In D&D's Forgotten Realms elves are more traditional. They're lithe, pointy-eared, and can't grow beards, but are generally proportioned like humans. I'm pretty sure they're not cannibals either.

2. Skill checks have a random factor

To talk an NPC around to your way of thinking in Divinity: Original Sin 2 you needed to have a Persuasion score higher than a set difficulty. In Baldur's Gate 3, you roll a d20 and add your score in the Persuasion skill, as in traditional D&D. Plus the full suite of other D&D social skills are available, like Intimidation and Deception, and you can gain bonuses on them with appropriate buffs—like using the Thaumaturgy cantrip to make your spellcaster seem a bit spooky to help with an Intimidation roll.

(Image credit: Larian)

3. Pets are (mostly) not your pals

One of the best things about Original Sin 2 was the Pet Pals ability, which let you talk to animals. Sometimes it could get you around problems, but just as often it would land you in a complicated mess when a dog or a chicken turned out to be a questgiver with an entire storyline of their own. One of the "gift bag" official mods made Pet Pals a free ability for all PCs because it was such a popular choice it may as well have been a default.

While Baldur's Gate 3 does have a Speak With Animals spell, it's not as vital. The first time I cast it and tried to chat to a pig, it was too afraid of me to hand out even a single quest. Although there's a dog you can recruit as a campsite buddy, and the Find Familiar spell lets you summon a spirit animal, you're not missing out on nearly as much by not playing Doctor Dolittle.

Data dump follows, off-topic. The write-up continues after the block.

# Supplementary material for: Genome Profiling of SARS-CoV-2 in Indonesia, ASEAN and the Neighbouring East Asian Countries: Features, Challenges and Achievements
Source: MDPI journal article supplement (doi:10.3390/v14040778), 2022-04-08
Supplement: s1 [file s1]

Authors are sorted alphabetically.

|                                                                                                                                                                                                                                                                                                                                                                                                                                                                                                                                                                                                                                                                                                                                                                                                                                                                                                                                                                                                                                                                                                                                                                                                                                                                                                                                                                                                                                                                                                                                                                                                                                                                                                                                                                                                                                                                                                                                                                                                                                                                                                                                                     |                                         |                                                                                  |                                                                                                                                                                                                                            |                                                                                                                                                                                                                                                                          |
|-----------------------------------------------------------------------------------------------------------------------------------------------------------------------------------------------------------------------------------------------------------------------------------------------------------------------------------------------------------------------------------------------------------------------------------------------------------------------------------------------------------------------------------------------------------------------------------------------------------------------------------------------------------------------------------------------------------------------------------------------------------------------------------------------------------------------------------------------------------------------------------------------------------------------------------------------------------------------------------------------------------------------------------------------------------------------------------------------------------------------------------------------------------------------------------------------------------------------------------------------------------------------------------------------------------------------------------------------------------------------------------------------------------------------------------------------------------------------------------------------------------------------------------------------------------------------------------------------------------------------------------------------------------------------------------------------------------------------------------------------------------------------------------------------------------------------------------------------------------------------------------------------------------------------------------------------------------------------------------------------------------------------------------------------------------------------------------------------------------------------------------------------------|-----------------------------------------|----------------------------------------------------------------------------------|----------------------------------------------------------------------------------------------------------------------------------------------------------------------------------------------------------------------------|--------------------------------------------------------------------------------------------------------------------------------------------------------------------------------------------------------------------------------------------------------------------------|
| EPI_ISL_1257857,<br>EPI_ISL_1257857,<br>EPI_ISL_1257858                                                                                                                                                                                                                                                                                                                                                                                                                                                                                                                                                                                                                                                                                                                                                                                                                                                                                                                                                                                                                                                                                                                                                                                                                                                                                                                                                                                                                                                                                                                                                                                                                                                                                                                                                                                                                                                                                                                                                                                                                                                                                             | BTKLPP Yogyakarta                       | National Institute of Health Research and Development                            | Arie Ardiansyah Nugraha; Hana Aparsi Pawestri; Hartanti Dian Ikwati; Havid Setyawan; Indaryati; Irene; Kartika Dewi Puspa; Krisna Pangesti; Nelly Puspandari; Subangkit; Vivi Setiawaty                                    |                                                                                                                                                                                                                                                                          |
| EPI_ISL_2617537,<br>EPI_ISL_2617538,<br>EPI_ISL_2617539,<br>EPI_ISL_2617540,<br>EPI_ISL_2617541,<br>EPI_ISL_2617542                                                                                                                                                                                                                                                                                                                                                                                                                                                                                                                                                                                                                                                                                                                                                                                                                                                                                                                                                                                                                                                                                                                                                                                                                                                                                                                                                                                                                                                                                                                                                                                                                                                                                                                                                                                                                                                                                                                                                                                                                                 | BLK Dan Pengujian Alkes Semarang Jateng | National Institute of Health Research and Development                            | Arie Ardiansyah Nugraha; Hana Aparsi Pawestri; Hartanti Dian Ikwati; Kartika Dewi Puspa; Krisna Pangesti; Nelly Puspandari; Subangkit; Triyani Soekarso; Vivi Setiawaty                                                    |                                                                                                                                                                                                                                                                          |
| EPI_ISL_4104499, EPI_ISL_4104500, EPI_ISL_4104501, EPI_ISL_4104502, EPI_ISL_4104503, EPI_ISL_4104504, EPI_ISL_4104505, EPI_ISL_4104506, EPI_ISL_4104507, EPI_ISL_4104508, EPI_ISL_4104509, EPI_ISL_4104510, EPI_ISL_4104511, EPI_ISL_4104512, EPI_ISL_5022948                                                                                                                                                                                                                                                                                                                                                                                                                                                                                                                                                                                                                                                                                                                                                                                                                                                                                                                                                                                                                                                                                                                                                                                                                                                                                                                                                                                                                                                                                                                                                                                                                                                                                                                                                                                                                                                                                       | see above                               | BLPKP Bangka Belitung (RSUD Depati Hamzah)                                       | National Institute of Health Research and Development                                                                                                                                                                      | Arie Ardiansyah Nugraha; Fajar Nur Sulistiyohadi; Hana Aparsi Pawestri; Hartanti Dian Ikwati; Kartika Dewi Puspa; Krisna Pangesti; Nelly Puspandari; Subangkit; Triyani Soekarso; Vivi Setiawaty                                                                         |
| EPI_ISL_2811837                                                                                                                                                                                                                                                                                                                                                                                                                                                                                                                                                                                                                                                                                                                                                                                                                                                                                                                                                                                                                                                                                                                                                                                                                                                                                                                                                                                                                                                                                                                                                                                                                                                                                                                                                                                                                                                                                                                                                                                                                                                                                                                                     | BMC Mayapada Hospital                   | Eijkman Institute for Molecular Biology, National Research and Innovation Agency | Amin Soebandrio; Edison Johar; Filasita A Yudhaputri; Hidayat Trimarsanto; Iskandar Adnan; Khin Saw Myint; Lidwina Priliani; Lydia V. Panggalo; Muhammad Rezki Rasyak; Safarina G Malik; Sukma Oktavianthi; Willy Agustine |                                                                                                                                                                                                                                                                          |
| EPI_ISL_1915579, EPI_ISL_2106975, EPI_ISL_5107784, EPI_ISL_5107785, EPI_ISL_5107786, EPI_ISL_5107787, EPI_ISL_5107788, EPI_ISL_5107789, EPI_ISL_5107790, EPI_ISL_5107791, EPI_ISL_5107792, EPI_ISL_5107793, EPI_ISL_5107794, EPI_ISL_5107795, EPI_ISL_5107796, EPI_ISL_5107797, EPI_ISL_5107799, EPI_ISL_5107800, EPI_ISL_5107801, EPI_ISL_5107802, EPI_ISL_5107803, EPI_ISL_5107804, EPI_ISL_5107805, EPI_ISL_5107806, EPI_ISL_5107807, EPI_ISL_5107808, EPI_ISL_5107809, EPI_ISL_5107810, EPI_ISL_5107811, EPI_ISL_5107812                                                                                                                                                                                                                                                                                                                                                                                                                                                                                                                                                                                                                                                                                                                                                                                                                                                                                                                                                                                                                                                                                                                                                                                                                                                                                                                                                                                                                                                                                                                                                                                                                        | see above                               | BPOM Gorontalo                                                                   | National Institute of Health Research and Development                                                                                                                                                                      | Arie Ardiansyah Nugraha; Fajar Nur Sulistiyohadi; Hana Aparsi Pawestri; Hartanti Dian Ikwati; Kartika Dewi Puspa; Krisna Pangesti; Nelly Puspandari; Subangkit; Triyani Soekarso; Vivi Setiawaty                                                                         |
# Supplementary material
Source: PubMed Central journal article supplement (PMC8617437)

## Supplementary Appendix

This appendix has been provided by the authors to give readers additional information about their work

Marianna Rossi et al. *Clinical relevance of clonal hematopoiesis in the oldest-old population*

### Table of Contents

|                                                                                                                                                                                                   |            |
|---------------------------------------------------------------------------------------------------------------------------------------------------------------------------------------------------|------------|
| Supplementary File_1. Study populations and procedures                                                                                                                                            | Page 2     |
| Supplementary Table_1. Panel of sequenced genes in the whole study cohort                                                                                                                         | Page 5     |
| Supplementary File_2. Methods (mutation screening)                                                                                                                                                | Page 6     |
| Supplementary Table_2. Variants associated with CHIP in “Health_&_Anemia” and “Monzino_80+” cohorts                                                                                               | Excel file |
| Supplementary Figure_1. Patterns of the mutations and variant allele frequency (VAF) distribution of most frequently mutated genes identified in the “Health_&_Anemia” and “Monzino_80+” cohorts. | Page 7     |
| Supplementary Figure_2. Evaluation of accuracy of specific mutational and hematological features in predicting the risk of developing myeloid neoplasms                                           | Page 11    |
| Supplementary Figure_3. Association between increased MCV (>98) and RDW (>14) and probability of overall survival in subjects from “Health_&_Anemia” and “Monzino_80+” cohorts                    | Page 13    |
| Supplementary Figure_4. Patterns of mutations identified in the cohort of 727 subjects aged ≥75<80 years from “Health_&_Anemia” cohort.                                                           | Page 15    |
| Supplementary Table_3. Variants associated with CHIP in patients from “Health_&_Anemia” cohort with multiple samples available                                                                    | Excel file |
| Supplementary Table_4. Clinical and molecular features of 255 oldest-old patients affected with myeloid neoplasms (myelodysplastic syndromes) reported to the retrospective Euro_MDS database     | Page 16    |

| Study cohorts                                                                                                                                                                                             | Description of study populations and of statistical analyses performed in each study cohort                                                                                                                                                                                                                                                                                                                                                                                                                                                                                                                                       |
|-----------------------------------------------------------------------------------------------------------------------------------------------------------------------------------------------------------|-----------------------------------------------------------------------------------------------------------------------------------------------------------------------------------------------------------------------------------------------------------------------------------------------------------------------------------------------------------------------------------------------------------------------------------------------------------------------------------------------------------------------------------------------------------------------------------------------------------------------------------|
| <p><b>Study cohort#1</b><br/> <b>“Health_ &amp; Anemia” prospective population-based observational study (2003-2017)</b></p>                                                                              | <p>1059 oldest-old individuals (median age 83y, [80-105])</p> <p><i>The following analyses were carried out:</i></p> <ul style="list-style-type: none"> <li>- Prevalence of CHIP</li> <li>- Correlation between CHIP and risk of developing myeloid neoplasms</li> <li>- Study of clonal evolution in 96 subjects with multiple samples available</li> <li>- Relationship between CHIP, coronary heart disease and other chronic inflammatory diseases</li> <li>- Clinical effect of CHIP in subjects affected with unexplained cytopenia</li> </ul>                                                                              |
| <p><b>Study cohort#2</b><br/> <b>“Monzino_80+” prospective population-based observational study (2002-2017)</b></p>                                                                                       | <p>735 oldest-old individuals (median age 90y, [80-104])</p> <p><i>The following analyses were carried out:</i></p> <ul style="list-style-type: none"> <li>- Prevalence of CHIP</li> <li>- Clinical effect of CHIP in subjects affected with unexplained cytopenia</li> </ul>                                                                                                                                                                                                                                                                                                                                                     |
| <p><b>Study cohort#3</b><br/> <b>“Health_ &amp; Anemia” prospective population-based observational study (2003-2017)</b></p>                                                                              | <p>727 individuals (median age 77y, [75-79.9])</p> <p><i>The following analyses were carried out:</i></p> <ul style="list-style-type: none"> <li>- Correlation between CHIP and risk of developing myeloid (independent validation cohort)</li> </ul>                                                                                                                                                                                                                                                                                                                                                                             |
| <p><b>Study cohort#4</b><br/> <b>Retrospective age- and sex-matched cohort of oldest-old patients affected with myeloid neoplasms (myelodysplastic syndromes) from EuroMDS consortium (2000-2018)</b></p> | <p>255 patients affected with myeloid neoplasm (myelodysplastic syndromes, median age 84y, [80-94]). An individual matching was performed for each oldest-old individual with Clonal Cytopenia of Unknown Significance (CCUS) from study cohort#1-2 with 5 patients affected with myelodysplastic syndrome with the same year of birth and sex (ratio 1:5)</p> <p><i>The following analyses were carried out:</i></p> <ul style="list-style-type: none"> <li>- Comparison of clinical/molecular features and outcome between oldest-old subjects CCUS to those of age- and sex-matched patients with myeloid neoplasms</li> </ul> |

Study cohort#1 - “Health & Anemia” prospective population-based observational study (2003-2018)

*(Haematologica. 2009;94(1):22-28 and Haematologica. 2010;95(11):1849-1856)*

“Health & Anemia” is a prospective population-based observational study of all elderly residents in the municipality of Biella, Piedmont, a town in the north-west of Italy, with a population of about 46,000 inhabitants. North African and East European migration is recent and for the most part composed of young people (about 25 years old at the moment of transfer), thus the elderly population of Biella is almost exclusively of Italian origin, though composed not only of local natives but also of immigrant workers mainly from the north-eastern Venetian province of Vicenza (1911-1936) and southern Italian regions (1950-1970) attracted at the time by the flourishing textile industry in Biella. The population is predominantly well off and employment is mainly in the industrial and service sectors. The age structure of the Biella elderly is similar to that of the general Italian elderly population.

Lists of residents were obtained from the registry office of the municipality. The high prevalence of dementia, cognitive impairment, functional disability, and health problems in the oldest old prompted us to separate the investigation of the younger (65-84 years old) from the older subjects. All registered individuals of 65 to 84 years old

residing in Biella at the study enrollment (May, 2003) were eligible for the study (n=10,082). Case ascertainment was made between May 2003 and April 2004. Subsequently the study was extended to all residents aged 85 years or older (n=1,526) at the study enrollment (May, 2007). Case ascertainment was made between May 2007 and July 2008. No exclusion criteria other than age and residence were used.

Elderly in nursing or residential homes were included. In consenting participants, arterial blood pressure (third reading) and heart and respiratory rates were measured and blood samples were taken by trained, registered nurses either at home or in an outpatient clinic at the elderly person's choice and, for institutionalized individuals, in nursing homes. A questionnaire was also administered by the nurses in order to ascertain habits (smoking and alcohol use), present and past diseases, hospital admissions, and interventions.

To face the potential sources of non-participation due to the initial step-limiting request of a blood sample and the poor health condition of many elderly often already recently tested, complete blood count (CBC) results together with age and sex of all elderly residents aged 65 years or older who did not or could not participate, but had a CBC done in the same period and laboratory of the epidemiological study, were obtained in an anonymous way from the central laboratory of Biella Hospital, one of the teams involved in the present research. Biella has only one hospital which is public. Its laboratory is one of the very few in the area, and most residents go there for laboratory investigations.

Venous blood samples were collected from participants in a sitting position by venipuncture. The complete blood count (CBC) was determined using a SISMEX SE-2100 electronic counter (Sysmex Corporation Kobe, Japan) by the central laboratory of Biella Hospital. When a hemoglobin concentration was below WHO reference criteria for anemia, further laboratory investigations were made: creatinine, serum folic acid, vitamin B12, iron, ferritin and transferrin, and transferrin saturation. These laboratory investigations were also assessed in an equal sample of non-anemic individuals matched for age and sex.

(Image credit: Larian)

4. No blessed or cursed effects

As you leveled up in Original Sin 2 those environmental effects stopped being such a worry. You had spells to clear them away and so many hit points you could stand in fire all day long. To increase the challenge in its later acts, the cursed effect started to be layered on top of those effects, which had to be removed by a bless before you could do anything about, say, that Necrofire an exploding enemy unleashed over half the dang battlefield. That's mercifully gone in Baldur's Gate 3.

5. Forgotten Realms cameos

The Forgotten Realms setting has a wealth of heroes thanks to the many RPG supplements and novels written about it, and several of them appeared in previous Baldur's Gate games. Elminster the Sage, Drizzt Do'Urden, and the traveling scholar and tour guide author Volo all made appearances. Without getting too deep into spoiler territory, let's just say that Baldur's Gate 3 maintains this tradition.